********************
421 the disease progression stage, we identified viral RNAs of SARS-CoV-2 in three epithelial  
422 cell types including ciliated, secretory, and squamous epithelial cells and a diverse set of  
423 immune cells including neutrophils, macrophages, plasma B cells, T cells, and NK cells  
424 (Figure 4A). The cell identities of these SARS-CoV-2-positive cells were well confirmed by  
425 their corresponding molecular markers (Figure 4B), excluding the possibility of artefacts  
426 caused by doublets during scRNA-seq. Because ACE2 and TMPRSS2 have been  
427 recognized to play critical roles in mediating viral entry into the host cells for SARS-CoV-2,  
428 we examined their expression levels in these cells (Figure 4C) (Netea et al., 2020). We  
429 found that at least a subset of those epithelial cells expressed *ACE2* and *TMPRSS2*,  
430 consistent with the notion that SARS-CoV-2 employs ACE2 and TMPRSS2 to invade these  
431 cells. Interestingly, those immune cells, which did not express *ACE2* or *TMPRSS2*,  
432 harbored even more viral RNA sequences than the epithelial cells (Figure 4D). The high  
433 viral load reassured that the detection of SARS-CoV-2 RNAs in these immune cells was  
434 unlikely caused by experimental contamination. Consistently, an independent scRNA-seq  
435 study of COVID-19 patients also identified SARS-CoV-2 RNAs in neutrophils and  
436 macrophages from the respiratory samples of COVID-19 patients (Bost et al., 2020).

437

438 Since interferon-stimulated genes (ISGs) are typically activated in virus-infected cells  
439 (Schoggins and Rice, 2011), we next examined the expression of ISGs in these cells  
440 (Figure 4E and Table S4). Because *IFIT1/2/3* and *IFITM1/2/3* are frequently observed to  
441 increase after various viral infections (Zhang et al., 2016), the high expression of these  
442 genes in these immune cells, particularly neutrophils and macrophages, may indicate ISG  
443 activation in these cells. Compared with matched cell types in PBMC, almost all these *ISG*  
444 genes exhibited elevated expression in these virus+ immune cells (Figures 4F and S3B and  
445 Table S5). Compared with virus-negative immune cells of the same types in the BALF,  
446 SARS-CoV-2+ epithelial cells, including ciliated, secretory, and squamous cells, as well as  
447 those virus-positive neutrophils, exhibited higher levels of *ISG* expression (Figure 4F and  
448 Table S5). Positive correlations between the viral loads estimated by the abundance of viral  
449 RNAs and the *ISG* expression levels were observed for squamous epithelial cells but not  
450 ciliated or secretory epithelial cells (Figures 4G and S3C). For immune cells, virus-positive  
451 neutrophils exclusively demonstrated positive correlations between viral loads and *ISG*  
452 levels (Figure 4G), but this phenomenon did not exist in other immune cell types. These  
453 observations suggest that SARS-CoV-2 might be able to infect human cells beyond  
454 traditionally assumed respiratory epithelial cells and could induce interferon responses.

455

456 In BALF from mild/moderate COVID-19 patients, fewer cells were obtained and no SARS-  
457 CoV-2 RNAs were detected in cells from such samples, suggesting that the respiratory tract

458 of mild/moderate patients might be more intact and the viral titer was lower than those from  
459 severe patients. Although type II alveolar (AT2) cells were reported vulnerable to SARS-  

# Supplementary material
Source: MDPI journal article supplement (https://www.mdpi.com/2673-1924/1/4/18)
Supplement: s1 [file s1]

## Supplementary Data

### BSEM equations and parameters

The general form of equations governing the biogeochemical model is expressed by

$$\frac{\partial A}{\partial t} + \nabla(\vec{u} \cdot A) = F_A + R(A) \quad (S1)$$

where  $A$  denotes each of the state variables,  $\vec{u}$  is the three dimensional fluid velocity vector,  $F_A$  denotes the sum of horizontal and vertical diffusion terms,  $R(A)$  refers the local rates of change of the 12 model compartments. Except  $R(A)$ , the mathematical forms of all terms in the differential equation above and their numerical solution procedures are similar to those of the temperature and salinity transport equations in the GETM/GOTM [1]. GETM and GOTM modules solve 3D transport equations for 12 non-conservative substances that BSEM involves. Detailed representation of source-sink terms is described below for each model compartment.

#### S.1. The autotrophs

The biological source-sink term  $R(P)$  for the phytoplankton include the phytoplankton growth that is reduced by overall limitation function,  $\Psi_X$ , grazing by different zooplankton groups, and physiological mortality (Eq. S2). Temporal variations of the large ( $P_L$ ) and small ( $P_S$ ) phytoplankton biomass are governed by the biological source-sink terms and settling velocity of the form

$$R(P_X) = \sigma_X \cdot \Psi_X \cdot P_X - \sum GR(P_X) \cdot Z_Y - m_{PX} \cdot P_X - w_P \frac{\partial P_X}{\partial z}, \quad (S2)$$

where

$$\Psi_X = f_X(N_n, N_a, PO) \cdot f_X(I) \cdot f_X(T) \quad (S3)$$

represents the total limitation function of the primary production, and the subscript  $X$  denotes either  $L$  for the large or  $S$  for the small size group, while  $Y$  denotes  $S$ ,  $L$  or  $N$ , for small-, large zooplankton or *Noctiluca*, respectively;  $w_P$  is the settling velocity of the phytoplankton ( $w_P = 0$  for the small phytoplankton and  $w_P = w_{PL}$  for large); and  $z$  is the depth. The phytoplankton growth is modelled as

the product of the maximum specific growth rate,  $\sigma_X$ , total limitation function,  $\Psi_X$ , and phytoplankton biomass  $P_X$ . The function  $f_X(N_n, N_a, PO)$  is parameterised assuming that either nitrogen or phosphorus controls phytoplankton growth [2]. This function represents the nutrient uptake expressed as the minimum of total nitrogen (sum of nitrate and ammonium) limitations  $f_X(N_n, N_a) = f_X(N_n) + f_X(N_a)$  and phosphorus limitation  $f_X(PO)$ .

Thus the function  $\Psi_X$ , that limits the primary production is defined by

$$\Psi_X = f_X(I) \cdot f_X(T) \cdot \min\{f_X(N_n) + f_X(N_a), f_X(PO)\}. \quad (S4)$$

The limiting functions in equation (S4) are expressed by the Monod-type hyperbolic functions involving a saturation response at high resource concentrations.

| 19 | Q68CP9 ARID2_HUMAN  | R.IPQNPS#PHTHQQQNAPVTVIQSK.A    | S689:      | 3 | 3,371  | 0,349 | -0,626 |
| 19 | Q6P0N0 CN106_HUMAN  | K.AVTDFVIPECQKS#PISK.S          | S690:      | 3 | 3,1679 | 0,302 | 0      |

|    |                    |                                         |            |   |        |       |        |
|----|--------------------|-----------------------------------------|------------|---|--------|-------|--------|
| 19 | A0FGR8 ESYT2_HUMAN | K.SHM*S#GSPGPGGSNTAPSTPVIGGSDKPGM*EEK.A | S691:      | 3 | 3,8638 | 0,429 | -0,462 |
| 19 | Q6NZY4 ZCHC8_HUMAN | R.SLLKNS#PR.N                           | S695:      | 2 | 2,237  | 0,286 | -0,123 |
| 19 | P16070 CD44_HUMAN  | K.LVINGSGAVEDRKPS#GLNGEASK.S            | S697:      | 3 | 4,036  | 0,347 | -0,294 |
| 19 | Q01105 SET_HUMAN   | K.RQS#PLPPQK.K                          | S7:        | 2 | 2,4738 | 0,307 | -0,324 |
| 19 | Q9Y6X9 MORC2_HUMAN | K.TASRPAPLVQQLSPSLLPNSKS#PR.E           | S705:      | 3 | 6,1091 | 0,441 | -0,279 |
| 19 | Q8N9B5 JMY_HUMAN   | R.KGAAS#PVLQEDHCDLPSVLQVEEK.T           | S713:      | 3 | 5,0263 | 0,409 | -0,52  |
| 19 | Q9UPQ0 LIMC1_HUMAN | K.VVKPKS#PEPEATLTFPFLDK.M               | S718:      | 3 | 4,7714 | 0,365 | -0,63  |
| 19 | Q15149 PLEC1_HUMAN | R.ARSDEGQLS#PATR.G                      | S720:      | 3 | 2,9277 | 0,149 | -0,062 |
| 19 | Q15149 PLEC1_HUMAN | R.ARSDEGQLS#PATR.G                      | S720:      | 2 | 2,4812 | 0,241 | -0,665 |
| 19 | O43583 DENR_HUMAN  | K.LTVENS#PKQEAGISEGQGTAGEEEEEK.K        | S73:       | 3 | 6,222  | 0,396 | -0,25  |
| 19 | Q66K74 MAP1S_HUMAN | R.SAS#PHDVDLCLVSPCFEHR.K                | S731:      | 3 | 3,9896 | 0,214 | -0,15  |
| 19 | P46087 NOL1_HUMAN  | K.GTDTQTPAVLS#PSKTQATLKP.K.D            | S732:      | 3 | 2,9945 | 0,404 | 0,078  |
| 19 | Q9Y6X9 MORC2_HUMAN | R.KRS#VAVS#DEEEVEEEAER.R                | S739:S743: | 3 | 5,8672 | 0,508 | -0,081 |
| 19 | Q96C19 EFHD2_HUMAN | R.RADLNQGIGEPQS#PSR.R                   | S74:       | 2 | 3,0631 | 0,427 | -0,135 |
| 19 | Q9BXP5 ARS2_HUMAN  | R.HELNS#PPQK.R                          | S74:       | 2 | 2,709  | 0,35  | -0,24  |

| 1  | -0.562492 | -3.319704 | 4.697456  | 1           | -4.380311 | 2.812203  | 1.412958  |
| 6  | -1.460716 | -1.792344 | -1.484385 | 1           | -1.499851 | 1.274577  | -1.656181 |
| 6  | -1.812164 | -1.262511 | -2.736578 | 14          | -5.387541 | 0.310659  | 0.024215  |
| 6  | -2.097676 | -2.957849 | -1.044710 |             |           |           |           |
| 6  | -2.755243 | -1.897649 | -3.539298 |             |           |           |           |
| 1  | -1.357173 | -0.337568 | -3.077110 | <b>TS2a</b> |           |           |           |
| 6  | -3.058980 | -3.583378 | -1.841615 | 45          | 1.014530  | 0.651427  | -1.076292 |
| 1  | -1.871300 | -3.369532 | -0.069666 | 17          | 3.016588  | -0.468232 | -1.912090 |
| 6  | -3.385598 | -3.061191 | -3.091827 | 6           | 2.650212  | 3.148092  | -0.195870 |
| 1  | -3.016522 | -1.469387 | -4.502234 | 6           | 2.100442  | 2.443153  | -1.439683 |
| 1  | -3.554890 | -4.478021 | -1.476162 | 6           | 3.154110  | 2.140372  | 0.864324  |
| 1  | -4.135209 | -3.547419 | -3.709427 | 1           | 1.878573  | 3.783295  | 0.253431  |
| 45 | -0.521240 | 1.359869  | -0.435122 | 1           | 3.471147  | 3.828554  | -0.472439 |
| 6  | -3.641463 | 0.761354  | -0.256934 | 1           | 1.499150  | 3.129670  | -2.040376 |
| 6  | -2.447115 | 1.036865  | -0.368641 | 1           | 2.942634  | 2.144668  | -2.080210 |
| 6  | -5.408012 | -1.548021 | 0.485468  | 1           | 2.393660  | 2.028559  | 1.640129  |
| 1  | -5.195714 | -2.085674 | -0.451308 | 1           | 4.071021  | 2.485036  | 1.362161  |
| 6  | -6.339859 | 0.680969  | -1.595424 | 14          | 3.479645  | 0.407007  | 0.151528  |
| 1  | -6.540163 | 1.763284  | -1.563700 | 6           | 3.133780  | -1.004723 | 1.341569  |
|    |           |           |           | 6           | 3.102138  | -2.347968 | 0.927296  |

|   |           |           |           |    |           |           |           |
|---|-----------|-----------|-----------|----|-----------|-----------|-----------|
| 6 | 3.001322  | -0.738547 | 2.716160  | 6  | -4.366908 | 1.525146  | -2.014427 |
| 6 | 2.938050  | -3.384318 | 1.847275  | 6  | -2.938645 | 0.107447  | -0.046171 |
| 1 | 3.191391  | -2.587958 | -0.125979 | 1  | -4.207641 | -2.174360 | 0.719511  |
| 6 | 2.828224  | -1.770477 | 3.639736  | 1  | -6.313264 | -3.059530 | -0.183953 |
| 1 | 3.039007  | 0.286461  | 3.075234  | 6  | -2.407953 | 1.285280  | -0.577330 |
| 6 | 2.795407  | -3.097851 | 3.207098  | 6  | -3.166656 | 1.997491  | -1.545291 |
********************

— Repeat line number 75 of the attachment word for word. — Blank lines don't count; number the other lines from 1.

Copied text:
| 19 | Q96C19 EFHD2_HUMAN | R.RADLNQGIGEPQS#PSR.R                   | S74:       | 2 | 3,0631 | 0,427 | -0,135 |